The Zagreb World Festival Of Animated Films: On The Eve Of Zagreb 2000

by Borivoj "Bordo" Dovnikovic

Festival participants of Zagreb 1980.

The purpose of international festivals of animated film is to evaluate recent production in the field throughout the world, to look back on the history of animation by showing relevant national, personal or thematic retrospectives, and to organize meetings, discussions, lectures, exhibitions and similar events, all with as wide an audience as possible in mind. The aim is to promote and improve the art of film animation and animated film in general. This involves encouraging creativity which eschews pre-set patterns and ideas/notions/conceptions, and finds new ways of exploring the possibilities of film animation.

Zagreb’s Place
Competitive festivals of animated films first appeared in 1960 following the foundation of ASIFA, the International Association of Animated Film. The first occasion was the biennial festival in the French town of Annecy, beneath the Alps. This soon became the cult meeting place of world animators. In the mid-Sixties, the international festival on the Black Sea in Mamaia, Romania, was founded, followed, in the Seventies, by a festival in Varna, Bulgaria. Neither lasted very long. Today there are many international festivals of animated films, and the biggest ones, beside Annecy and Zagreb, are Hiroshima, Ottawa, Stuttgart, Espinho and KROK, the Russian-Ukrainian festival that takes place aboard a ship.

Logo for Zagreb’s first festival in 1972.

In the late Sixties Zagreb ran as a candidate to hold the festival. Armed with the artistic reputation of the Zagreb School of Animated Film and new, fresh ideas, Zagreb won the license at the ASIFA board meeting in London in 1969 to organize a biannual international festival of animated film. The same year, at the annual ASIFA assembly at the Mamaia Festival, Zagreb’s pledge to introduce an international selection committee, along with an international jury, was warmly welcomed. Until that time, national committees selected the films for festivals and this often led to biased decisions. Furthermore, Zagreb authors decided, as hosts of the festival, not to include their films in the competition, seeking in this way to maximize objectivity. Consequently, in 1972 Zagreb received a friendly letter from ASIFA representative Alexandre Alexeieff in Paris: "Finally it is your turn to host the festival. We are coming to be taught. You have generously renounced the opportunity to compete, which would have been a bit dangerous for us; therefore we will applaud you as if we were your equals." (The next festival did include domestic authors in the competition, at the insistence of the international community.)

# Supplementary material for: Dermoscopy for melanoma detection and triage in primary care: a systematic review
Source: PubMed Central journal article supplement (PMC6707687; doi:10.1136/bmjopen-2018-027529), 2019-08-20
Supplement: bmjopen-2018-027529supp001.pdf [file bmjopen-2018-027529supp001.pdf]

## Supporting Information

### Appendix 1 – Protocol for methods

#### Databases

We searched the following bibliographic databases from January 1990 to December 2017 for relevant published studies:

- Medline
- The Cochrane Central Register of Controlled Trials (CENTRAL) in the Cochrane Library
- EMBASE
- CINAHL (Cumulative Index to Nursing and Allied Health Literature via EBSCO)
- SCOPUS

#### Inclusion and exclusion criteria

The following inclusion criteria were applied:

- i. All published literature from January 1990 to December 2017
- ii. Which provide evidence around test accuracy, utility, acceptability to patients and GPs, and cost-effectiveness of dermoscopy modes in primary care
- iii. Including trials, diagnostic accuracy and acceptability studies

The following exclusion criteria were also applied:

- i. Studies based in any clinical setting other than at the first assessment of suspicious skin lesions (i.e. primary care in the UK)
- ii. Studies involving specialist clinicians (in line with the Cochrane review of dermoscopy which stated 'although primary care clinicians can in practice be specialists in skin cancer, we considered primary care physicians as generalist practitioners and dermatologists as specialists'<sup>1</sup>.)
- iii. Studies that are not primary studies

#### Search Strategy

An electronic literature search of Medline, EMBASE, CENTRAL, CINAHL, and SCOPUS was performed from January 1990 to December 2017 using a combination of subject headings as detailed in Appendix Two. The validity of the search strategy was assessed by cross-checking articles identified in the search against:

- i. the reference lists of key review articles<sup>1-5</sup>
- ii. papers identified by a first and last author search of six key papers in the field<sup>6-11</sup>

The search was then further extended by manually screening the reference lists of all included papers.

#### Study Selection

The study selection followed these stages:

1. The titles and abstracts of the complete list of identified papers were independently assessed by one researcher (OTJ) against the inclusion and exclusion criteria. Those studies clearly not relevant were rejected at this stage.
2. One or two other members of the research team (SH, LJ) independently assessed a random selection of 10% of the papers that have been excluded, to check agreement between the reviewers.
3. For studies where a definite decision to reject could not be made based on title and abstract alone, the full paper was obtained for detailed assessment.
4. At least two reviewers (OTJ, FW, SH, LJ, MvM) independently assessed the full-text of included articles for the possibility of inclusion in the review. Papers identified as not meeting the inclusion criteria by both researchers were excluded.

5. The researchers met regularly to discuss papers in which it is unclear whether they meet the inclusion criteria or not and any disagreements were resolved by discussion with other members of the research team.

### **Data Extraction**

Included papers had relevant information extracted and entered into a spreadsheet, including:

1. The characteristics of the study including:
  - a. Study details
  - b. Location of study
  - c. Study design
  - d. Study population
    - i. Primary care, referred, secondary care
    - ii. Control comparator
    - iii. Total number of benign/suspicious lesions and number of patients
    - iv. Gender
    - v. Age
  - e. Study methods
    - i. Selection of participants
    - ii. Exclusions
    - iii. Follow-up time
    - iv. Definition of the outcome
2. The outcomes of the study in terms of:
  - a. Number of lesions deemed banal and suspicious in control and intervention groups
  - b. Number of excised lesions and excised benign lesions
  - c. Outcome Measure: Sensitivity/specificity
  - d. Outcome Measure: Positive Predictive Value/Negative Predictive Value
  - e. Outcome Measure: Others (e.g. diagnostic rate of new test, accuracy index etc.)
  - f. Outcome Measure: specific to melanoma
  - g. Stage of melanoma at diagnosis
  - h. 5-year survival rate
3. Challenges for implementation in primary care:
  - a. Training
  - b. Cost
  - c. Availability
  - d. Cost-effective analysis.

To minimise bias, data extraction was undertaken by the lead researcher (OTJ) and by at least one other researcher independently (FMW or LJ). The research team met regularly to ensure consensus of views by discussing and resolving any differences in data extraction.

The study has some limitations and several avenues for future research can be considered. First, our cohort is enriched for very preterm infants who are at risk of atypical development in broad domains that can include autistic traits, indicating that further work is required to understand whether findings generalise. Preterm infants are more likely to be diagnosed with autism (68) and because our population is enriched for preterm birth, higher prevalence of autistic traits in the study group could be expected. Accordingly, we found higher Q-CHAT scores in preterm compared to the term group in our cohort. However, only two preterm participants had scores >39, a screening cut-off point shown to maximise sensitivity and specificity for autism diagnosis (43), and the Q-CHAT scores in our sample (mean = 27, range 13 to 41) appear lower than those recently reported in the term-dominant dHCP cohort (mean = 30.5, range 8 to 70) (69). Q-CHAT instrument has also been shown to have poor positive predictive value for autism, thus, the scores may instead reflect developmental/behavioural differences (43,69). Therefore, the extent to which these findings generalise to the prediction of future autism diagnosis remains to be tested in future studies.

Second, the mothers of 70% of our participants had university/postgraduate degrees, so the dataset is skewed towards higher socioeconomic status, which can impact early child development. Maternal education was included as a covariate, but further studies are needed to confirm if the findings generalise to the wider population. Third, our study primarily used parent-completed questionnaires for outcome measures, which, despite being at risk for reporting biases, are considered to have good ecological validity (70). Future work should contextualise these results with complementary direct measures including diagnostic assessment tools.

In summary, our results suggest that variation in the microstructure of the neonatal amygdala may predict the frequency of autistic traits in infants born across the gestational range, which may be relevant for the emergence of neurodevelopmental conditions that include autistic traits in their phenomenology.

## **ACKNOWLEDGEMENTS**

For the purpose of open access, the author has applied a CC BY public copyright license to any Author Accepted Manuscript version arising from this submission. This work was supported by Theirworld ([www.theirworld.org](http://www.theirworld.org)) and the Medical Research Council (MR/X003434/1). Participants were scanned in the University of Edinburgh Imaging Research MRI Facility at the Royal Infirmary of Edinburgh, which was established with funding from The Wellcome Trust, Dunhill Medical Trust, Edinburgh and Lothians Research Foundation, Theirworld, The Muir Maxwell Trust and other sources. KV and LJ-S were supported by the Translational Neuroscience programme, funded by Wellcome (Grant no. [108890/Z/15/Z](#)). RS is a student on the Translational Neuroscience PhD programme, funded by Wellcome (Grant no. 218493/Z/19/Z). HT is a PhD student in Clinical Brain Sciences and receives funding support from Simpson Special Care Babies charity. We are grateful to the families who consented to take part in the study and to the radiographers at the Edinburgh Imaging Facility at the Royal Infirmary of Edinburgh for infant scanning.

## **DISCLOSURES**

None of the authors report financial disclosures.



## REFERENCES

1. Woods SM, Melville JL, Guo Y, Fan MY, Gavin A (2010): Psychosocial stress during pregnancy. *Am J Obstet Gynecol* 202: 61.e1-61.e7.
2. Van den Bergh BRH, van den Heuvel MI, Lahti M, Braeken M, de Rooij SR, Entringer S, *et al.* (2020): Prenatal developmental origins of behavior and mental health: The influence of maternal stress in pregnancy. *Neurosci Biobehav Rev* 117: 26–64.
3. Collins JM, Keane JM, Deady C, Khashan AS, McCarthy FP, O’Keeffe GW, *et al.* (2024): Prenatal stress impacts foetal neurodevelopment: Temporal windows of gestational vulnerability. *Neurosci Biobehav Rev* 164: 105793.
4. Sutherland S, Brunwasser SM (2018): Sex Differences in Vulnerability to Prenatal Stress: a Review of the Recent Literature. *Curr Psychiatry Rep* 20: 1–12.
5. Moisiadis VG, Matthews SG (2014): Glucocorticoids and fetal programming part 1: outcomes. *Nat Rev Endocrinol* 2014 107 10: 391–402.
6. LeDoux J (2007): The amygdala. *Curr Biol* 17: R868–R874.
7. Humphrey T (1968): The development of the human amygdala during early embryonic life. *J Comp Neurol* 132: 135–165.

Bugs Bunny knows what’s up at Zagreb 1972!

Firsts and Set-Backs
The First World Festival of Animated Film in Zagreb was held in June 1972. Since then, for almost 30 years, it has been alternating every other year in springtime with the Annecy festival. The Annecy festival has grown in line with France’s economical strength and aspirations. When Annecy realized that the biennial rhythm was insufficient (especially in view of its commercial fair), it moved to an annual cycle and thus entered the timeframe of the Zagreb festival. This decision was made without consulting Zagreb or ASIFA. This year both festivals will be held in the same month, only ten days apart! From next year on, Zagreb will, of course, have to move from its traditional June slot to early spring, with the bitter feeling that the claims of well to do France as the protector and leader of small European countries (fighting against American cultural imperialism) are just a fairy tale.

Post festival parties animate the scene.

The Zagreb festival has survived for all these years in spite of many national economic difficulties, even the recent war. It has relied on the budgets, often not big enough, of the city of Zagreb and the state. Even in the former Yugoslavia, the festival was financed exclusively from the resources of the Republic of Croatia, and so the tradition has continued in the newly formed state. Since the very beginning of the festival, its main characteristic has been that the artists of the Zagreb School of Animated Film have had the main role in creating the festival programme. Whichever company was officially in charge of the festival organization, the artists themselves created the artistic conception and the festival’s programme. The presidents of the programme committees have been directors Dusan Vukotic, myself, Borivoj Dovnikovic and Josko Marusic. Indeed, from 1985 to 1991, I was the Festival Director. This undoubtedly guarantees that in all segments of the festival paramount attention is given to filmmaker artists and animation as an art form.

In 1986, the Zagreb festival introduced a Life Achievement Award, and since then it has been regularly awarded to people whose creative work has made a considerable contribution to the development of art animation throughout the world. Up to now, the laureates have been: Norman McLaren, Chuck Jones, John Halas, Bob Godfrey, Dusan Vukotic, Caroline Leaf and Bruno Bozzetto. In June, the Zagreb 2000 Prize will be awarded to the Czech animation master, Jan Svankmajer.

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